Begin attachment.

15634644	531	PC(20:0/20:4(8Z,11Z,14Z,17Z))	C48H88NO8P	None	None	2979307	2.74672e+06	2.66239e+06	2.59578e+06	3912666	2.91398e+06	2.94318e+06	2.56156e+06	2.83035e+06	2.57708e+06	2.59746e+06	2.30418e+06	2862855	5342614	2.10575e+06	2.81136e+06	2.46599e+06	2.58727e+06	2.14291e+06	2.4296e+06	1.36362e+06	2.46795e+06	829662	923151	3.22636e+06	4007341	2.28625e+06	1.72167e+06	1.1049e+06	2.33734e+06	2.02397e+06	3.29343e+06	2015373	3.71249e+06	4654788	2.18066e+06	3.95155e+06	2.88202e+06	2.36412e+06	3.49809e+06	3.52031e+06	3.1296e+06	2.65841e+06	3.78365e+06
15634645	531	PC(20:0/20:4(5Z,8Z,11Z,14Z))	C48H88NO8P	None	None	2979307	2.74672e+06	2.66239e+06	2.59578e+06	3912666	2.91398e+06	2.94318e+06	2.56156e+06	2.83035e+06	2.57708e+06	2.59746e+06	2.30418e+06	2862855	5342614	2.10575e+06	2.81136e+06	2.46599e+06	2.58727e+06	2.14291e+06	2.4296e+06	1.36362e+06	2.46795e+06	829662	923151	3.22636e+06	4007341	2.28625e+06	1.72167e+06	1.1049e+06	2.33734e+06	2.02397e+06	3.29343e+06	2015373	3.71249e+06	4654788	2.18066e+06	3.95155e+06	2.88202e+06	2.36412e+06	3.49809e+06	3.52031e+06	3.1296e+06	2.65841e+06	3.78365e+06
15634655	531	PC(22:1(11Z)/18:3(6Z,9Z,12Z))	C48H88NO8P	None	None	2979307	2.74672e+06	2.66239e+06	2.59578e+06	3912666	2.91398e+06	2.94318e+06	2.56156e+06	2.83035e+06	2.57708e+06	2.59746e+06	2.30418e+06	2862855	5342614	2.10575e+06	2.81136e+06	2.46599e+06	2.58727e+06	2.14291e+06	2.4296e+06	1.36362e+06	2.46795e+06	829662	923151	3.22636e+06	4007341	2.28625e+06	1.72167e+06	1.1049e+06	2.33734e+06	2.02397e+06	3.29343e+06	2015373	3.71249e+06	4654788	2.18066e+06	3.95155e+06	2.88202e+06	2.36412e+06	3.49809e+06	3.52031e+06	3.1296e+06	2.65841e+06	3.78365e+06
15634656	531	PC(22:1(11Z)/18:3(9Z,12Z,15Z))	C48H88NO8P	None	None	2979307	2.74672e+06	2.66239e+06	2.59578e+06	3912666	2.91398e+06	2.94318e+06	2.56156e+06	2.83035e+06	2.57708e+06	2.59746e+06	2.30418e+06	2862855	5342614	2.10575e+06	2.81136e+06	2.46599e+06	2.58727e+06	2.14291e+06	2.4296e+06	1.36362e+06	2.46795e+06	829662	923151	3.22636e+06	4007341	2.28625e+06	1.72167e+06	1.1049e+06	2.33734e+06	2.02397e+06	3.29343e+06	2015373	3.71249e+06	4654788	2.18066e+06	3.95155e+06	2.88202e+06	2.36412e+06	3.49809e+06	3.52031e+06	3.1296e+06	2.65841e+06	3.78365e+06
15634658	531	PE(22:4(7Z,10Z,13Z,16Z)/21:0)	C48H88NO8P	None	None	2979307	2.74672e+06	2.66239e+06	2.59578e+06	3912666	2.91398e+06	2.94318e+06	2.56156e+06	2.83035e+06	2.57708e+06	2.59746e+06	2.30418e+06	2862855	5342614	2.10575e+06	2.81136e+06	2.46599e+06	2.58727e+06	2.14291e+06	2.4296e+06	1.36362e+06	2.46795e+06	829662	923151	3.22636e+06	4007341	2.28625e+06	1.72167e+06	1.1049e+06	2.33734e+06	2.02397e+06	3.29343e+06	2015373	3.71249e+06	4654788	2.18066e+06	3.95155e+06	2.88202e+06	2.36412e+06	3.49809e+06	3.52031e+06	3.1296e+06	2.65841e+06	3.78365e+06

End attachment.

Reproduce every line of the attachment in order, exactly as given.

15634644	531	PC(20:0/20:4(8Z,11Z,14Z,17Z))	C48H88NO8P	None	None	2979307	2.74672e+06	2.66239e+06	2.59578e+06	3912666	2.91398e+06	2.94318e+06	2.56156e+06	2.83035e+06	2.57708e+06	2.59746e+06	2.30418e+06	2862855	5342614	2.10575e+06	2.81136e+06	2.46599e+06	2.58727e+06	2.14291e+06	2.4296e+06	1.36362e+06	2.46795e+06	829662	923151	3.22636e+06	4007341	2.28625e+06	1.72167e+06	1.1049e+06	2.33734e+06	2.02397e+06	3.29343e+06	2015373	3.71249e+06	4654788	2.18066e+06	3.95155e+06	2.88202e+06	2.36412e+06	3.49809e+06	3.52031e+06	3.1296e+06	2.65841e+06	3.78365e+06
15634645	531	PC(20:0/20:4(5Z,8Z,11Z,14Z))	C48H88NO8P	None	None	2979307	2.74672e+06	2.66239e+06	2.59578e+06	3912666	2.91398e+06	2.94318e+06	2.56156e+06	2.83035e+06	2.57708e+06	2.59746e+06	2.30418e+06	2862855	5342614	2.10575e+06	2.81136e+06	2.46599e+06	2.58727e+06	2.14291e+06	2.4296e+06	1.36362e+06	2.46795e+06	829662	923151	3.22636e+06	4007341	2.28625e+06	1.72167e+06	1.1049e+06	2.33734e+06	2.02397e+06	3.29343e+06	2015373	3.71249e+06	4654788	2.18066e+06	3.95155e+06	2.88202e+06	2.36412e+06	3.49809e+06	3.52031e+06	3.1296e+06	2.65841e+06	3.78365e+06
15634655	531	PC(22:1(11Z)/18:3(6Z,9Z,12Z))	C48H88NO8P	None	None	2979307	2.74672e+06	2.66239e+06	2.59578e+06	3912666	2.91398e+06	2.94318e+06	2.56156e+06	2.83035e+06	2.57708e+06	2.59746e+06	2.30418e+06	2862855	5342614	2.10575e+06	2.81136e+06	2.46599e+06	2.58727e+06	2.14291e+06	2.4296e+06	1.36362e+06	2.46795e+06	829662	923151	3.22636e+06	4007341	2.28625e+06	1.72167e+06	1.1049e+06	2.33734e+06	2.02397e+06	3.29343e+06	2015373	3.71249e+06	4654788	2.18066e+06	3.95155e+06	2.88202e+06	2.36412e+06	3.49809e+06	3.52031e+06	3.1296e+06	2.65841e+06	3.78365e+06
15634656	531	PC(22:1(11Z)/18:3(9Z,12Z,15Z))	C48H88NO8P	None	None	2979307	2.74672e+06	2.66239e+06	2.59578e+06	3912666	2.91398e+06	2.94318e+06	2.56156e+06	2.83035e+06	2.57708e+06	2.59746e+06	2.30418e+06	2862855	5342614	2.10575e+06	2.81136e+06	2.46599e+06	2.58727e+06	2.14291e+06	2.4296e+06	1.36362e+06	2.46795e+06	829662	923151	3.22636e+06	4007341	2.28625e+06	1.72167e+06	1.1049e+06	2.33734e+06	2.02397e+06	3.29343e+06	2015373	3.71249e+06	4654788	2.18066e+06	3.95155e+06	2.88202e+06	2.36412e+06	3.49809e+06	3.52031e+06	3.1296e+06	2.65841e+06	3.78365e+06
15634658	531	PE(22:4(7Z,10Z,13Z,16Z)/21:0)	C48H88NO8P	None	None	2979307	2.74672e+06	2.66239e+06	2.59578e+06	3912666	2.91398e+06	2.94318e+06	2.56156e+06	2.83035e+06	2.57708e+06	2.59746e+06	2.30418e+06	2862855	5342614	2.10575e+06	2.81136e+06	2.46599e+06	2.58727e+06	2.14291e+06	2.4296e+06	1.36362e+06	2.46795e+06	829662	923151	3.22636e+06	4007341	2.28625e+06	1.72167e+06	1.1049e+06	2.33734e+06	2.02397e+06	3.29343e+06	2015373	3.71249e+06	4654788	2.18066e+06	3.95155e+06	2.88202e+06	2.36412e+06	3.49809e+06	3.52031e+06	3.1296e+06	2.65841e+06	3.78365e+06